Make the bedroom safe for your little monkeys

You have likely heard the rhyme about the monkeys that jump on the bed. Swap the word monkeys for children, and that’s what you get in a room where siblings share: cute little monkeys that jump on the bed. As with the whole house, of course you’ll want to make their room as calm as you can, and sometimes that means more than simply child-proofing.

The room that you set up for your child, whether they are six months old and moving into their own bedroom, or a teenager looking for a space that is just theirs alone, should be safe. It should be a place that they can go to relax and be whenever they get overwhelmed by being in the same place as the rest of the family at all times. Making sure that the personal space of your child is safe is a top priority and with the tips below, you can make that happen.

  • Painting. You want the room to look beautiful, reflecting the personality of your child and being a colour that they’ll enjoy looking at. Make sure that you use paints that are free from VOCs – volatile organic compounds. These can be toxic, so when you’re painting those stencils onto the nursery wall, make sure you choose low-VOC paint to protect your child.
  • Bedding. When you’re sorting a room for an older child, comforters and pillows are a way to make their space comfortable and calm. For a newborn, their cot should be just equipped with a fitted sheet – no bumpers or frills – to keep them safe. If you’ve bought beds from somewhere like Divan Base Direct, think about fitting a pretty valance to make the base look smart and pretty in the bedroom. Beds should be cosy and comfortable.
  • Furniture. Children are monkeys that climb, that much is true, and no matter how many times you warn your kids not to climb furniture, the likelihood is that they’ll try it once or twice. Anchoring your furniture to the wall is just good sense. That way, when your child tries to climb and ends up pulling the furniture over, they can’t get crushed under the weight of the furniture.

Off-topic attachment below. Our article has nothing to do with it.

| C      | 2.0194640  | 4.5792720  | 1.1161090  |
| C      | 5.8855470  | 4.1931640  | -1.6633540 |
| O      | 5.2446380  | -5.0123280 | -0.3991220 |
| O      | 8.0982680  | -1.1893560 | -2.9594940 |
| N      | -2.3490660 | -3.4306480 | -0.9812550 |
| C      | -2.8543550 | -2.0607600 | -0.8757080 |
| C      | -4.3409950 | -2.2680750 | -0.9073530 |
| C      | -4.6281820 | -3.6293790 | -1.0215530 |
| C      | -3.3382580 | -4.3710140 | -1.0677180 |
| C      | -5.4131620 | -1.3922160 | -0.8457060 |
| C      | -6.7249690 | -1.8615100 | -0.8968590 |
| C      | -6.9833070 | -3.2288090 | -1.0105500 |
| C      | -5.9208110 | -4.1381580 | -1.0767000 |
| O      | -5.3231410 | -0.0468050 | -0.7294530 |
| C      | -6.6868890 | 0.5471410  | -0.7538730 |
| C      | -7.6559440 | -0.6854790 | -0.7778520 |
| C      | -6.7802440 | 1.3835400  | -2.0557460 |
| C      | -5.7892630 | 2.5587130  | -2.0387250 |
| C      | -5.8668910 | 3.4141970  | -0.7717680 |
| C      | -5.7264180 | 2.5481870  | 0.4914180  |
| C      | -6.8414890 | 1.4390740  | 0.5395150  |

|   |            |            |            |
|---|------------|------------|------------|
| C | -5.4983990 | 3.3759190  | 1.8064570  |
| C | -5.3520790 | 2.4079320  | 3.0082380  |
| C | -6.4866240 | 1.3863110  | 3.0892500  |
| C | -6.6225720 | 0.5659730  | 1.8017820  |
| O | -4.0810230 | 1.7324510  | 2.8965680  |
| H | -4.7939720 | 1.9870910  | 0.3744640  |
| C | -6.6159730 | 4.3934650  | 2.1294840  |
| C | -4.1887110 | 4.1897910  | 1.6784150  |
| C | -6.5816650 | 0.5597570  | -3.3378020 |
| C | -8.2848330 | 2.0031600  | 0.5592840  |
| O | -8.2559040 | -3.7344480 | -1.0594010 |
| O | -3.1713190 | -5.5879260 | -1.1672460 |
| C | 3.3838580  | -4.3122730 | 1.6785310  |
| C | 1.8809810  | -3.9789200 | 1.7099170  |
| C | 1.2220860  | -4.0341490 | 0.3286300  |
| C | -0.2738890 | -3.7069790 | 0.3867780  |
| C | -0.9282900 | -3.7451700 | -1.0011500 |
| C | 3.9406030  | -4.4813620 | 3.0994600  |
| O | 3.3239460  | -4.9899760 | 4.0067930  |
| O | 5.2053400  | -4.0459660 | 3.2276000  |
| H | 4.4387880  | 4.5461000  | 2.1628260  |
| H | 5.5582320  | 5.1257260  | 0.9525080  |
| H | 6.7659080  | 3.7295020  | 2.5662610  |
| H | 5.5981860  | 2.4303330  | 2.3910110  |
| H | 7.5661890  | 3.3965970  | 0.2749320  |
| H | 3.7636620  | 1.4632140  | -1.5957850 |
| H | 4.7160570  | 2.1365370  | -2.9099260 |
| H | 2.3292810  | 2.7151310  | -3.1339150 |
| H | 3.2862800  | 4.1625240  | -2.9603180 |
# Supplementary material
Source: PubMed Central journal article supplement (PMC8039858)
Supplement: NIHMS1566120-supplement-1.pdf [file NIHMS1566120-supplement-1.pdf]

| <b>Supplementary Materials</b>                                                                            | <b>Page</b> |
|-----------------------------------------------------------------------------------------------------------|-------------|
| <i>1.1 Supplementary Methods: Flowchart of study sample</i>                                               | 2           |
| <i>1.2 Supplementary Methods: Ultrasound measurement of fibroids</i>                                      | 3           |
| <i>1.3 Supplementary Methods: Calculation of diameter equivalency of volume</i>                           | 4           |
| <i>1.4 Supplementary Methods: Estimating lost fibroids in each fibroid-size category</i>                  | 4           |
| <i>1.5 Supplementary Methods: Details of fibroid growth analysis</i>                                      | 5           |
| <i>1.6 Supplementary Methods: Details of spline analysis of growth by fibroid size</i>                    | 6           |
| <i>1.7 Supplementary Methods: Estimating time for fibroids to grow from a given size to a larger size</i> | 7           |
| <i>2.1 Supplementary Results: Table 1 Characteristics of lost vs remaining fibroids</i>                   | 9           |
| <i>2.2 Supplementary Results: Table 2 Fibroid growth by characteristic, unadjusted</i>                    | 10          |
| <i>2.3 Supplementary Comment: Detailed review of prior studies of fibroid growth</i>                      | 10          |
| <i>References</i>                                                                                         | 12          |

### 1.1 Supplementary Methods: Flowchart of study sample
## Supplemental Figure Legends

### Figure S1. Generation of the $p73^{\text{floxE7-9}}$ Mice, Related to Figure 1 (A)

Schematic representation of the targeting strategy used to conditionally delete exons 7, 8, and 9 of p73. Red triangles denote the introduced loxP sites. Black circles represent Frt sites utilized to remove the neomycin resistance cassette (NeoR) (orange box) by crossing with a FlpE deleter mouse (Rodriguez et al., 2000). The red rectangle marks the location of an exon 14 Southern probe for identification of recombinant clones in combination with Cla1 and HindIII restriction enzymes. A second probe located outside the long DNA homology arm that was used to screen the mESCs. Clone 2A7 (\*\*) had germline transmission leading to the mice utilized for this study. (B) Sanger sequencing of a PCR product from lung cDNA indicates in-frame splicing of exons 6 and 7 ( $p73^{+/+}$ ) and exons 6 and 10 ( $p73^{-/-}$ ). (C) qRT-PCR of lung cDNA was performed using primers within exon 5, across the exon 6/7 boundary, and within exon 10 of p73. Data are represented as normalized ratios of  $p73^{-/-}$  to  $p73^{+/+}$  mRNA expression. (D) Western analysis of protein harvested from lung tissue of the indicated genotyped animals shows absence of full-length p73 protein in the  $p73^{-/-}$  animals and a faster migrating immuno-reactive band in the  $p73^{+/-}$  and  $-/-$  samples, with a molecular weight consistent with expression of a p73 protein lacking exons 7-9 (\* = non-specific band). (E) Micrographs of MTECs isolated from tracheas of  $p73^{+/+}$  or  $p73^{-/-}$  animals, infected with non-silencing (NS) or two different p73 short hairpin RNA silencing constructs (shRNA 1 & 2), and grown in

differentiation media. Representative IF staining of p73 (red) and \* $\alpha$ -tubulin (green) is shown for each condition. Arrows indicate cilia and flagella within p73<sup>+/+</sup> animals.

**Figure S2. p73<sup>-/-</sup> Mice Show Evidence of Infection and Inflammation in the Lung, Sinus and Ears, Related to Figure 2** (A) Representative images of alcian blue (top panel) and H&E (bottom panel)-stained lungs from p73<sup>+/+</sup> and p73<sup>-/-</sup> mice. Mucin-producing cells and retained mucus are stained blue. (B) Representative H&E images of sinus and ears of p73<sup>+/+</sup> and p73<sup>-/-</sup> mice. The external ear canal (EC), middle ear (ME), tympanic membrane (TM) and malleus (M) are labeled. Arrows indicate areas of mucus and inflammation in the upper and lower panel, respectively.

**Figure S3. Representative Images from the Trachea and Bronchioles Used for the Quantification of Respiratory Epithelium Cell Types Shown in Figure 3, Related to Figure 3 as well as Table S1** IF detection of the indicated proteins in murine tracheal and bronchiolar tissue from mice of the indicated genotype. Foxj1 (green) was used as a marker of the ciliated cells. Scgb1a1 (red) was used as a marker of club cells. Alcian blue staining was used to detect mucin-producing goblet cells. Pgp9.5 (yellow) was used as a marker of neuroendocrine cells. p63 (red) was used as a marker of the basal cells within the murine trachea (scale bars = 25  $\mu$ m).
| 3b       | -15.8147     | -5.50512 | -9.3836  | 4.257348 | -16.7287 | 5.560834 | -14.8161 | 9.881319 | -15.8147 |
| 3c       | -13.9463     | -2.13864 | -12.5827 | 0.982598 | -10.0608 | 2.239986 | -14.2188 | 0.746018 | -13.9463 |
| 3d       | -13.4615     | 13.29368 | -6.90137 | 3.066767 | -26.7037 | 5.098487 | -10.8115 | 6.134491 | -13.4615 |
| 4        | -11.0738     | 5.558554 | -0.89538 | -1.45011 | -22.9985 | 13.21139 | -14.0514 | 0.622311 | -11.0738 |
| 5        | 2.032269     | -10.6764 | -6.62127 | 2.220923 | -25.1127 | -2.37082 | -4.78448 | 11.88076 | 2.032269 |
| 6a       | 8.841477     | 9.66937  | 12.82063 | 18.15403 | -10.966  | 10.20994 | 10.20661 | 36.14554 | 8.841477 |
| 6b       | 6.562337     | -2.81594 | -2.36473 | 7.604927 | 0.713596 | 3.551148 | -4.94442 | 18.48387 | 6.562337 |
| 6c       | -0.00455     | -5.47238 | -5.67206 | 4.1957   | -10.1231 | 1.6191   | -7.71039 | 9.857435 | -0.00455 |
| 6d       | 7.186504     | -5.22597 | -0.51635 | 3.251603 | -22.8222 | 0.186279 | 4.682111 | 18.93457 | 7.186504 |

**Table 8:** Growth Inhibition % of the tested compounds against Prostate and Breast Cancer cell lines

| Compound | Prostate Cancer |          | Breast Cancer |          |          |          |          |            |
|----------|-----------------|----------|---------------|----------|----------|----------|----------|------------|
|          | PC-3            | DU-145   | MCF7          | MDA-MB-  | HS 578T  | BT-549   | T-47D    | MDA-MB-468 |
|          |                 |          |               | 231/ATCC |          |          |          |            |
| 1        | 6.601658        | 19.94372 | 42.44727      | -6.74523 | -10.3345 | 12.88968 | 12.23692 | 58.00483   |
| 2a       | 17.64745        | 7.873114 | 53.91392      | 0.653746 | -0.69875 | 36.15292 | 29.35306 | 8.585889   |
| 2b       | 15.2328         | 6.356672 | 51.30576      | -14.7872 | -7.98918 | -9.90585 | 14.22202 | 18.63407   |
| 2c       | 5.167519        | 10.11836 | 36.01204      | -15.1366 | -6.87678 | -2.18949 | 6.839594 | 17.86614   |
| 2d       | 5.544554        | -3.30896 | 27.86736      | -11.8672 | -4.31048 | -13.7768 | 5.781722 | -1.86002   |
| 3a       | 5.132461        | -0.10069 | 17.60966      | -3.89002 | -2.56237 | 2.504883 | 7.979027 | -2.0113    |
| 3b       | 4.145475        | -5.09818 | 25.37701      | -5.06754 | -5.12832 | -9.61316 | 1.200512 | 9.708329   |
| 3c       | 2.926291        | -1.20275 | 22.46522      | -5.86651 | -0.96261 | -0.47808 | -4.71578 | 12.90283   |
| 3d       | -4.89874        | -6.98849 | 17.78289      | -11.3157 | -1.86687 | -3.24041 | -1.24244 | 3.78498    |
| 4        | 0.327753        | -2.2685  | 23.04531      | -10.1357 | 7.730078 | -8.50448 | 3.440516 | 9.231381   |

• Windows. Obviously, you’ll have fitted your child’s windows with locks and tools to stop them pushing the window all the way open. if you haven’t, you should do this now. Then, you should choose window treatments that are safe: no blind cords, please!
  • Toys. Children love toys, there’s no secret there. Toys should be safe and age-appropriate. Keeping Lego in the bedroom of your kids is a good idea, but you should ensure that your children are old enough to be playing with Lego unsupervised before you do that. Just in case of choking.

Get on your child’s level and go through the room with their eyes. You can learn to understand a little more about what your child will see and how they can bring dangers in all by themselves.

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